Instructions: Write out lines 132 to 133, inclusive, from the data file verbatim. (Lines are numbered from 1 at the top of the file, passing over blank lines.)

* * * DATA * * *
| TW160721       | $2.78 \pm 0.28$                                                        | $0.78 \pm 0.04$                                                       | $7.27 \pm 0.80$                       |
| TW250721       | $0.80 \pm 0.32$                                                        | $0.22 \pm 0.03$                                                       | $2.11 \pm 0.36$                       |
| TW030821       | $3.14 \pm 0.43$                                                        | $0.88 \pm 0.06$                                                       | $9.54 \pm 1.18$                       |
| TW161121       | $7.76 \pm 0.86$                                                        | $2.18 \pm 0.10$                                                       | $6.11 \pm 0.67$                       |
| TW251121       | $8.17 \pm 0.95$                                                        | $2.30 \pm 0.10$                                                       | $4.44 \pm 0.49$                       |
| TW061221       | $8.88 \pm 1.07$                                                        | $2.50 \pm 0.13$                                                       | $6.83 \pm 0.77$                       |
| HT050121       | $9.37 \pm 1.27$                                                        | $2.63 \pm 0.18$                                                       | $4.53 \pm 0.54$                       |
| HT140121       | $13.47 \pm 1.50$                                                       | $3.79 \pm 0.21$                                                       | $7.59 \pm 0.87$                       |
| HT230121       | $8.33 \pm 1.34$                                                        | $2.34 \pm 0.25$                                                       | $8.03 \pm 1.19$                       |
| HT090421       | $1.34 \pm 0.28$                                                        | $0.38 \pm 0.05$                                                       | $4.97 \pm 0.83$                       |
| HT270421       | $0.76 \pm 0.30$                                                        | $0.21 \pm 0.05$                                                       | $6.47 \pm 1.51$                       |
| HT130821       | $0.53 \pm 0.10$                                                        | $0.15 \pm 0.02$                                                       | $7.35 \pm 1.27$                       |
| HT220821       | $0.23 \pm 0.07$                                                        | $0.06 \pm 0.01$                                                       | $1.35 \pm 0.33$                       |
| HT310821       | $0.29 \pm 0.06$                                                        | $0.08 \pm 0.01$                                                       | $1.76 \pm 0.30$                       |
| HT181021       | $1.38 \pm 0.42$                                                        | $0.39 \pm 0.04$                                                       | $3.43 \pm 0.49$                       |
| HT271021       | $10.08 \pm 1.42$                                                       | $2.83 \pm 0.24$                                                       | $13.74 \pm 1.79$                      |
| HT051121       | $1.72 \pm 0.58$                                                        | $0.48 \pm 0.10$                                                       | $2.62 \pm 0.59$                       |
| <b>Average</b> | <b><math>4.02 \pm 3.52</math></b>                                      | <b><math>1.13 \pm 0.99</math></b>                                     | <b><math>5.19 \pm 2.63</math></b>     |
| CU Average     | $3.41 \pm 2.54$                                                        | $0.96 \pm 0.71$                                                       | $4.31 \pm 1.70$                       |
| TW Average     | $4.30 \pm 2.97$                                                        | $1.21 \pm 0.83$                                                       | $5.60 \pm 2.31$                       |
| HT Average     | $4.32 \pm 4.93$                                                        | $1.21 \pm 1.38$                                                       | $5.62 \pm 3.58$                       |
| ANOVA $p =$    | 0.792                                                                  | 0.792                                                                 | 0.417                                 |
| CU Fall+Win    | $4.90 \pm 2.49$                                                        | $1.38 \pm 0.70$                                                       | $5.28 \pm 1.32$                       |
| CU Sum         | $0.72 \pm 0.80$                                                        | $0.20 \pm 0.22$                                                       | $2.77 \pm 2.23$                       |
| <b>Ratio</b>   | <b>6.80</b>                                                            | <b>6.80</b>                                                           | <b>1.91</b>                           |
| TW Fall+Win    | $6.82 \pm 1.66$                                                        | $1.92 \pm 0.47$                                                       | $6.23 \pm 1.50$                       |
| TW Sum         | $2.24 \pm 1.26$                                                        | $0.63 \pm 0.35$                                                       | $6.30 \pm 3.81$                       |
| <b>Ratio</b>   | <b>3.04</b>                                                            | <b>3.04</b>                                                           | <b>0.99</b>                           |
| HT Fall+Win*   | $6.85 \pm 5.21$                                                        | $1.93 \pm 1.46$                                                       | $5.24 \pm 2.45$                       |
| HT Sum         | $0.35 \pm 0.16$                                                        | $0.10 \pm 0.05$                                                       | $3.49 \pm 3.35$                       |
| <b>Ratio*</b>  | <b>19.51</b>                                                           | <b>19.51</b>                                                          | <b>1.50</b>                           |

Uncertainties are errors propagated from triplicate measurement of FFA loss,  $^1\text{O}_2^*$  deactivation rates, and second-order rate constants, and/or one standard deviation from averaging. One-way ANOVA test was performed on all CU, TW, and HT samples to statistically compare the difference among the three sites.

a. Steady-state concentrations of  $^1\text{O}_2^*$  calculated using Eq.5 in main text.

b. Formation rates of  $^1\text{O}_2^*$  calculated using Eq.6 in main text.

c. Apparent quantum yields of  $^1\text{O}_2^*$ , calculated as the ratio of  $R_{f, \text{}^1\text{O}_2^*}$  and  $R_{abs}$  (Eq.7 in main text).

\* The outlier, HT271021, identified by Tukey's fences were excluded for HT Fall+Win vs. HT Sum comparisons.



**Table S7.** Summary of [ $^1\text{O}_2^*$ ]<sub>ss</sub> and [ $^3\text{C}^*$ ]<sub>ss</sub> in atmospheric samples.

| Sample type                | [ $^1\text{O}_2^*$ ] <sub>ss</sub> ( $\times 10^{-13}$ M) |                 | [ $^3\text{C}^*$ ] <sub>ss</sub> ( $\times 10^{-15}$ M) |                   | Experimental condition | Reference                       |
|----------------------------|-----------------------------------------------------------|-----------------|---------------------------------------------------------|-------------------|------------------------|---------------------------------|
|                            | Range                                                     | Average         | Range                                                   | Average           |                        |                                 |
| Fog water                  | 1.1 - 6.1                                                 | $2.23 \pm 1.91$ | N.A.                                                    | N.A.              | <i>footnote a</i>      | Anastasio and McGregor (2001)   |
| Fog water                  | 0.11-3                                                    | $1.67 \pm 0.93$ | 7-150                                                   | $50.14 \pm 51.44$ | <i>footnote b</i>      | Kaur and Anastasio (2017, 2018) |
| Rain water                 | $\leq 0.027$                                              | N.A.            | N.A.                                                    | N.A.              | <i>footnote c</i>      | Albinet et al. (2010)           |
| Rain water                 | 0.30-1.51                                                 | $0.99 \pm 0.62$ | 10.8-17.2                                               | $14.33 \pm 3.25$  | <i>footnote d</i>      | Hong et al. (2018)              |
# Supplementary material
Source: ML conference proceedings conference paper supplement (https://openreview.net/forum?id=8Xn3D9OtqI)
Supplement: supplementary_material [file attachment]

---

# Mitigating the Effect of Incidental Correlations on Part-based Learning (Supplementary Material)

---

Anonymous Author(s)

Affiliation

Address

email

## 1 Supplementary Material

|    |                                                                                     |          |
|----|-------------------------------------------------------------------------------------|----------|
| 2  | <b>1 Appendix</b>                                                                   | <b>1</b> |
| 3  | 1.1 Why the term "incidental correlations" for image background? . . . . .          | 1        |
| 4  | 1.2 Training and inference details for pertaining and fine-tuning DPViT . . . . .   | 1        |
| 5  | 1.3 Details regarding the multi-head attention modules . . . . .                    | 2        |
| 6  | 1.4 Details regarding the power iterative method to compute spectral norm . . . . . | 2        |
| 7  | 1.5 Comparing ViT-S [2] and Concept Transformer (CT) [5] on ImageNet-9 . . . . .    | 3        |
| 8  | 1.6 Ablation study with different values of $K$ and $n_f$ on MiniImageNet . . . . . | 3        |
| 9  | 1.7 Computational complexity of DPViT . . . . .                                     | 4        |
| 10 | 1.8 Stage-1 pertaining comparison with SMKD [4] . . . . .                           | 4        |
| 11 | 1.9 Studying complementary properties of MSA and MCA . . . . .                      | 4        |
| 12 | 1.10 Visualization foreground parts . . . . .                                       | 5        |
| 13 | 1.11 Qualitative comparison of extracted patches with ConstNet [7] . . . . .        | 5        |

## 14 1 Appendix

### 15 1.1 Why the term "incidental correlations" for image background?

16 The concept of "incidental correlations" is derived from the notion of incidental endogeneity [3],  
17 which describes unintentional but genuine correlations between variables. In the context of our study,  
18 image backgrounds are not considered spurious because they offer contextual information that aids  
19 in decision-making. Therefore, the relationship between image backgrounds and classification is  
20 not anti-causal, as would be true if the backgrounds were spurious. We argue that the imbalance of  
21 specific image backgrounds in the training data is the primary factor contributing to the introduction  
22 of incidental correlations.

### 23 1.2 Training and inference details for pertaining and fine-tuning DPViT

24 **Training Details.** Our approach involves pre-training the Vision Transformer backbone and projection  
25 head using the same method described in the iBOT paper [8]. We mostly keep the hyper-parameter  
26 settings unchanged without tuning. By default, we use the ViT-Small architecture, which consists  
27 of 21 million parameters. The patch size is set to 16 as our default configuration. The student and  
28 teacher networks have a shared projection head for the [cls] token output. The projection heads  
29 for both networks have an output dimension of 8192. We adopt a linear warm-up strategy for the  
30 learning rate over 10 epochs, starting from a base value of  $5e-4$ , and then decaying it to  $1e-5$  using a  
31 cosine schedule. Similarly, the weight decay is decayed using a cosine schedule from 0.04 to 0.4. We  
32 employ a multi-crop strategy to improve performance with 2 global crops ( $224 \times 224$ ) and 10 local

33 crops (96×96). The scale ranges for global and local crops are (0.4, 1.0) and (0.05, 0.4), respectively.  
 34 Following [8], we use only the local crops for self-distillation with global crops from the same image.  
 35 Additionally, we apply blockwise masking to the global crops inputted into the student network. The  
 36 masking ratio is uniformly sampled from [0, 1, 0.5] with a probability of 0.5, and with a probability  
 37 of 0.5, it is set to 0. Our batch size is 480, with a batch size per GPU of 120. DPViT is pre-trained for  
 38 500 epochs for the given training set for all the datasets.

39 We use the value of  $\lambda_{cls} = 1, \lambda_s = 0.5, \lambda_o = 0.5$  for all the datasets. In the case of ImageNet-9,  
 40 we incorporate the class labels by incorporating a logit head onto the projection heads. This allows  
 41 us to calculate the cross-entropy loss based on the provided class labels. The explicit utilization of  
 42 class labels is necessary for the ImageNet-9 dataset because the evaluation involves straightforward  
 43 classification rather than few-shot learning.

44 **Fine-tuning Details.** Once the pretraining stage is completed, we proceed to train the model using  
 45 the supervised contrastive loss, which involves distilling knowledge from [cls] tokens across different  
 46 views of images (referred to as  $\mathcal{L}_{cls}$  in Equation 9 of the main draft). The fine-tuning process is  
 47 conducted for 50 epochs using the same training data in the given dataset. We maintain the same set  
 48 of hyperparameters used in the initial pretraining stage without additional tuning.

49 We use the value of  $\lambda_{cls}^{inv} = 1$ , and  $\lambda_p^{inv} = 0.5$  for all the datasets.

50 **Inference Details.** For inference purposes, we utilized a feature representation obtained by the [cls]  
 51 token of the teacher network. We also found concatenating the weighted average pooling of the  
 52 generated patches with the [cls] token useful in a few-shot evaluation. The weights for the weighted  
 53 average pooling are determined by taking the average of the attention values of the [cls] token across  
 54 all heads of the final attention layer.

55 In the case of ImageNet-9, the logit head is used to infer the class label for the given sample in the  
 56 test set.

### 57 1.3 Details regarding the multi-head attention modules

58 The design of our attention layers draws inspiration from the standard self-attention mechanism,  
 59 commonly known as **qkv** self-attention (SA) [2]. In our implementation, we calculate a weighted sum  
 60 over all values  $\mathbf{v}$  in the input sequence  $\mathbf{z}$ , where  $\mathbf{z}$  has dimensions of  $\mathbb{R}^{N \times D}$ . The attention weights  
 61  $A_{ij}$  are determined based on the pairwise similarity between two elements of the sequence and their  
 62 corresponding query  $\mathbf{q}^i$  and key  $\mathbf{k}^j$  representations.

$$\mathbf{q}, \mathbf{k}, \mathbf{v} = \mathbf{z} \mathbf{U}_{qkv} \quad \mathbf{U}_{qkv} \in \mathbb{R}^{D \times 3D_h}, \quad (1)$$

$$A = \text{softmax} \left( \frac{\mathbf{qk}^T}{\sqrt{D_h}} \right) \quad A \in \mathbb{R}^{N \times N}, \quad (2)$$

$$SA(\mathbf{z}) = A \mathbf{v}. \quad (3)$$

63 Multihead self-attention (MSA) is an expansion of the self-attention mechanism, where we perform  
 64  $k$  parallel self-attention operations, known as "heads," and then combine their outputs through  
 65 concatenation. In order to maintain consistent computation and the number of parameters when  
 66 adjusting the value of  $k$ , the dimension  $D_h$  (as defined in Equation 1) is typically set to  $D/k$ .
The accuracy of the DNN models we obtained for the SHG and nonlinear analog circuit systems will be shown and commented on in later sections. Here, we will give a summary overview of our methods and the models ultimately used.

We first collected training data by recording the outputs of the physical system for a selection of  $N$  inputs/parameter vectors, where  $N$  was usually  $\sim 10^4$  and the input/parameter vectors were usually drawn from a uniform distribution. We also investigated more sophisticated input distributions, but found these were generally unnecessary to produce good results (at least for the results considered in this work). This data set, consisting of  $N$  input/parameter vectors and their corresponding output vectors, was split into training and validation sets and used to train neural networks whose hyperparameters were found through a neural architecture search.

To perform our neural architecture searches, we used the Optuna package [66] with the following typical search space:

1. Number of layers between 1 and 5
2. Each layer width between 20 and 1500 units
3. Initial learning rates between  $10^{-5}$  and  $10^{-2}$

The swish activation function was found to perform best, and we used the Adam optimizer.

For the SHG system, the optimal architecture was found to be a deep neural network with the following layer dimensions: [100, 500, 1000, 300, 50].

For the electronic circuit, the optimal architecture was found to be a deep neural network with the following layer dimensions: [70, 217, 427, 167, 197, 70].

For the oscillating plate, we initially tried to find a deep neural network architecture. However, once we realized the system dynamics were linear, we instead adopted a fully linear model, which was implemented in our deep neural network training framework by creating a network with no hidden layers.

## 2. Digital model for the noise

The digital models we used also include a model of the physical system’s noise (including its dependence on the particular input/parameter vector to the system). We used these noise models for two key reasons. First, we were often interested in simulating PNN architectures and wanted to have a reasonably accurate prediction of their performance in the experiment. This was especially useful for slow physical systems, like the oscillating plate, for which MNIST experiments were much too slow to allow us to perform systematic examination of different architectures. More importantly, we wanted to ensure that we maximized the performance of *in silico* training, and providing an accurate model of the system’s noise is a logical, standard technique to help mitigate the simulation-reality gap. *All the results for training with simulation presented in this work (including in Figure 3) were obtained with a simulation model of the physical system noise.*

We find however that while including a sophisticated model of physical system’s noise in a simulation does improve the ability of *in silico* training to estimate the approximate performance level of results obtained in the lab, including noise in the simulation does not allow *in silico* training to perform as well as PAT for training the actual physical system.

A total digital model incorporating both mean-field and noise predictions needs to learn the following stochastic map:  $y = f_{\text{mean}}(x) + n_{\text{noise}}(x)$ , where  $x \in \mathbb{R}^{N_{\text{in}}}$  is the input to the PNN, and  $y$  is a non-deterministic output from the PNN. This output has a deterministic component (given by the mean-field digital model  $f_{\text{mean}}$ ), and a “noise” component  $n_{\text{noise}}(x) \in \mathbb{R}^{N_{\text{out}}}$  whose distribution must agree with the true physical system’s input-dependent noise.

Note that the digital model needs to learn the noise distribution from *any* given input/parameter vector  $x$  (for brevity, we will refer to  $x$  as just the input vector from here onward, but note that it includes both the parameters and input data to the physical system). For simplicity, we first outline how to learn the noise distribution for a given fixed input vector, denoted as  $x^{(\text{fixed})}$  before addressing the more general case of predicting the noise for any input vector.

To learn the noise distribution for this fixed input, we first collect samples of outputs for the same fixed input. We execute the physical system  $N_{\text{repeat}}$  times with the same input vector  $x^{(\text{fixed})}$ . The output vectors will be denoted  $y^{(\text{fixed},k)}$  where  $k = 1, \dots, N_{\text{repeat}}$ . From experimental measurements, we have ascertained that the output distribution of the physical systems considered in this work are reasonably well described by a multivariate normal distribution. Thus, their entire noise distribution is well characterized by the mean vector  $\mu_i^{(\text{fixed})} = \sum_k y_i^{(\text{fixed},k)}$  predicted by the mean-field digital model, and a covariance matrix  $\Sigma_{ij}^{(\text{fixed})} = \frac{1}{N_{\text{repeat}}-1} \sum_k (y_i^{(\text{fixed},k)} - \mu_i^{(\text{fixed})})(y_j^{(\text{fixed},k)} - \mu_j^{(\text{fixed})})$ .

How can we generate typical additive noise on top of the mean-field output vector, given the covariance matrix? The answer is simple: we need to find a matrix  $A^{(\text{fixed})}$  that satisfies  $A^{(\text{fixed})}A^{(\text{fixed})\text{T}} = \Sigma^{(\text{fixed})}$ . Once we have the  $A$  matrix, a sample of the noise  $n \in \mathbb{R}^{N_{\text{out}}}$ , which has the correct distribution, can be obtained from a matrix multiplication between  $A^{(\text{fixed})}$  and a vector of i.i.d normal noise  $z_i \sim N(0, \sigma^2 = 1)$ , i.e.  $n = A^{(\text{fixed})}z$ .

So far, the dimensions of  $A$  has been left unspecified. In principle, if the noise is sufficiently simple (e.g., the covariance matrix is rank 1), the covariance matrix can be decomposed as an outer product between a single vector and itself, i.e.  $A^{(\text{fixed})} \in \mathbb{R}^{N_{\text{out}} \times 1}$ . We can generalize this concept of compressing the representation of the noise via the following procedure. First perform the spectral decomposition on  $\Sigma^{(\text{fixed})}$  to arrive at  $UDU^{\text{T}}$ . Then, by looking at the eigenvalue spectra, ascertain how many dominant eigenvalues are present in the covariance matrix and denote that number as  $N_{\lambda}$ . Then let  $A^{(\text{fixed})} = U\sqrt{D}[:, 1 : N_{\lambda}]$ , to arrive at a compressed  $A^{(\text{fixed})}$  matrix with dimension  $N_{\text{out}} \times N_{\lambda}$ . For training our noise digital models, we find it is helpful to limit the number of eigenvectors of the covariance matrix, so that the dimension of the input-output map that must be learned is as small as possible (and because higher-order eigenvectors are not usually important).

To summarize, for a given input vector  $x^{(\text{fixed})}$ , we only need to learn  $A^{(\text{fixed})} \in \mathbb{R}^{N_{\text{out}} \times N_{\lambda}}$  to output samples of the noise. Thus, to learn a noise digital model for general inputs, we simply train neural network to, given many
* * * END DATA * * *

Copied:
The swish activation function was found to perform best, and we used the Adam optimizer.

For the SHG system, the optimal architecture was found to be a deep neural network with the following layer dimensions: [100, 500, 1000, 300, 50].